Best Interests of the Child: Parenting Time or COVID-19 Safety?
In family law matters, the best interests of the child are paramount. This principle is codified in Canadian legislation such as the Divorce Act of 1985 wherein courts making orders relating to the child(ren) are directed to take into consideration the best interests of the child of the marriage, as determined by reference to the conditions, means, needs, and other circumstances (s.16(8)). This principle is also codified in practice as the Supreme Court of Canada and Court of Appeals have repeatedly confirmed and emphasized the child-focused approach. However, what happens when there is conflicting interests of the child?
The recent case of Rafeiro v. Bolhuis dealt with such a conflict wherein there was conflicting circumstances that made the best interest of the child difficult to determine. In the case, the children were living in Ontario with their father but had not seen their mother for an extended period of time due to the pandemic, who was living in Nova Scotia. The issue before the Court was whether the best interests of the children laid with their physical health relating to COVID-19 and travelling, or their mental/emotional health relating to not seeing their mother.
The first issue for the Court to determine was if visiting their mother was in their best interests. In its ruling, the Court gave heavy weight to the additional considerations established by case law that there should be “maximum contact between a child and both parents, and the opportunity to develop and maintain a healthy relationship with both parents, and such contact is presumed to be beneficial and in a child’s best interests” [33 (a)]. The Court considered this in accordance with the fact that the children’s extended time apart from their mother had begun to strain their relationship and needed to be restored.
The second issue the Court was presented with was the impact that travelling would have on the children’s health and safety with respect to COVID-19. The children possess an asthmatic condition that gives rise to a degree of elevated risk. In its assessment, the Court acknowledged the serious weight they have placed, and continue to do so, on abiding by health protocols during the pandemic. However, the Court stated that the children would be in no greater risk in Nova Scotia than Ontario given the number of infections in both provinces. It was concluded that their physical presence in Nova Scotia with their mother did not elevate the risk of their physical health.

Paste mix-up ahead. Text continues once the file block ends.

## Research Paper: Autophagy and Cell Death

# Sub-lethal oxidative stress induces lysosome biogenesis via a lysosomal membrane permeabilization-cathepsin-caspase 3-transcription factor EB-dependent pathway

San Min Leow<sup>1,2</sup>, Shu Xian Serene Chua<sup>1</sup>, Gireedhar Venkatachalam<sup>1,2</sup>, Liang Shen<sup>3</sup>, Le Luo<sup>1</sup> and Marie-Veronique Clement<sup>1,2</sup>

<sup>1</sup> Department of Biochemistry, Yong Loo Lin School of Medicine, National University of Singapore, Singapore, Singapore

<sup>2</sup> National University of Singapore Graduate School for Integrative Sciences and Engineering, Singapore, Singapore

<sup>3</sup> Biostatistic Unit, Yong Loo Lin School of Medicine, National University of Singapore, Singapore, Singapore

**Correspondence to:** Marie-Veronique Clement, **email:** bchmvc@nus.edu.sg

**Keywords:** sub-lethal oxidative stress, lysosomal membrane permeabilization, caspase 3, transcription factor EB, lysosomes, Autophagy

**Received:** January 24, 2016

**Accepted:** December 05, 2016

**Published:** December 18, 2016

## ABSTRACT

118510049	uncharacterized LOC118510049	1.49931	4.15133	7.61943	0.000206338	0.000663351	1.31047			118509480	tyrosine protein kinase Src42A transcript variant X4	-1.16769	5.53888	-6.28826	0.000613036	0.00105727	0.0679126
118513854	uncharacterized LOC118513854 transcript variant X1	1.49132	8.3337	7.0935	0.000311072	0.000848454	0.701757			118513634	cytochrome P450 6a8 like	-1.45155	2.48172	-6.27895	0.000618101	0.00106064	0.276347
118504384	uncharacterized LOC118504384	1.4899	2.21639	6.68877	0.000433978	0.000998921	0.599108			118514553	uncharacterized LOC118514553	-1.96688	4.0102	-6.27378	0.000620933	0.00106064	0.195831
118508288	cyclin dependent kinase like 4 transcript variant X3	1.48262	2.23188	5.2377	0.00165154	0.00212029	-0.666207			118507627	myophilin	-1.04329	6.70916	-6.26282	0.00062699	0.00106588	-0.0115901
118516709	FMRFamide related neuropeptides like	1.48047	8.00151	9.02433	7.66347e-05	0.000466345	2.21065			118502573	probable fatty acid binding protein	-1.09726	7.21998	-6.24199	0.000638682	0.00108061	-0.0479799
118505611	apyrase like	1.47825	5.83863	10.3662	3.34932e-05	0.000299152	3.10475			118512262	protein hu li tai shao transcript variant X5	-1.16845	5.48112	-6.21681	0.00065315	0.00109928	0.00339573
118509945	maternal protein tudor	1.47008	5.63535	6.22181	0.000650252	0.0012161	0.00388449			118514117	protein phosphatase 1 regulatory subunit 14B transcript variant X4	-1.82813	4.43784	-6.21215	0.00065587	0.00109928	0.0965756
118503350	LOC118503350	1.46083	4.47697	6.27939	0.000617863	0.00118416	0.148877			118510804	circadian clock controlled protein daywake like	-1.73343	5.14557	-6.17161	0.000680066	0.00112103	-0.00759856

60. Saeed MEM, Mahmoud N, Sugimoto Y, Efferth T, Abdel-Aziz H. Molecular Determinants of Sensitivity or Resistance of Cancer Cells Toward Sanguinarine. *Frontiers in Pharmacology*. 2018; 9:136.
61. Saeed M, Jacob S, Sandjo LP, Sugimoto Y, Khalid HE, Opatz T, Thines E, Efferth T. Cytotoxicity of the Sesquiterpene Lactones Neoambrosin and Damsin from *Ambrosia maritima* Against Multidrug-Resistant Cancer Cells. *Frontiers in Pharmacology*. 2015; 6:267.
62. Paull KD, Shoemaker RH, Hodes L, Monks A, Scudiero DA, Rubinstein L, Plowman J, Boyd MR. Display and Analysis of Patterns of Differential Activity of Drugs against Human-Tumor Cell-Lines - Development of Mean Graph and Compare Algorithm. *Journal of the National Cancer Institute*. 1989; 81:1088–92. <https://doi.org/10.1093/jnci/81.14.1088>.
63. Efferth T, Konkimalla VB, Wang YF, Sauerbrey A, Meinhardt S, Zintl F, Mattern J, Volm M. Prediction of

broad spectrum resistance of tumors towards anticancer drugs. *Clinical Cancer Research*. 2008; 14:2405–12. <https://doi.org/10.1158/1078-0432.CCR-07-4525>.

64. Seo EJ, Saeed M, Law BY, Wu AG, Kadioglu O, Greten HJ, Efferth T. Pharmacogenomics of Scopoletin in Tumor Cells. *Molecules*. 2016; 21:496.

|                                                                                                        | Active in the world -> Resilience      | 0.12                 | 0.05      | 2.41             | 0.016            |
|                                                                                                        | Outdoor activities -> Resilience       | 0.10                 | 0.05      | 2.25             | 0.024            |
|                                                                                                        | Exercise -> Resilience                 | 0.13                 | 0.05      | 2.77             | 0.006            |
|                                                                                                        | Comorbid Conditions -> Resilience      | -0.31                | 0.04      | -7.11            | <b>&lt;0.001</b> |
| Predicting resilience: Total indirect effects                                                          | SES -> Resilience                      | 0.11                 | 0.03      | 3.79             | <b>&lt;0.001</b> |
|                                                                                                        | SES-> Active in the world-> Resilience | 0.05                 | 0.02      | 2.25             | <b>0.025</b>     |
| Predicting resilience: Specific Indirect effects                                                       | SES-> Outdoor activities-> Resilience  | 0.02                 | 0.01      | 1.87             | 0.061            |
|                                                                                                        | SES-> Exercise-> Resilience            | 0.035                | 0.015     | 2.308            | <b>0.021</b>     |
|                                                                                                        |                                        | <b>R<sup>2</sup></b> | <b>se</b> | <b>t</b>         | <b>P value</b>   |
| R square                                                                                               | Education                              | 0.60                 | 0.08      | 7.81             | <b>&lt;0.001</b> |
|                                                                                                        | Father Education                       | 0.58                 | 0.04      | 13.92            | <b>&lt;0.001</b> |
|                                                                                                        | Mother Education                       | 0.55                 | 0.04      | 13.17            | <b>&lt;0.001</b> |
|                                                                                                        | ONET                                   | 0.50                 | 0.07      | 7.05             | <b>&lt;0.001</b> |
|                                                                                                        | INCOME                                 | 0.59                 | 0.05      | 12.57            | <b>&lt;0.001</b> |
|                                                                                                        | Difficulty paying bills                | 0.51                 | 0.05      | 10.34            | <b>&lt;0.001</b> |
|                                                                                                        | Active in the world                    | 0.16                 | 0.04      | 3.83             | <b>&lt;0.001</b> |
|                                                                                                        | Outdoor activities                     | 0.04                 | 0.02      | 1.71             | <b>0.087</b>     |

The third relevant issue was the travelling to Nova Scotia itself. The Canadian government has advised against all non-essential travel throughout the course of the pandemic, however the Court stated that since the onset of the virus there has been much improvement and safety precautions implemented to ensure the health of travelers. They cited actions such as mandatory health checks and mask wearing for airline passengers and the limiting of guests in hotels, in addition to increased sanitation. The Court concluded that given the above, and the mother’s ability to care for the children, it would be in the best interests of the children to spend time with her.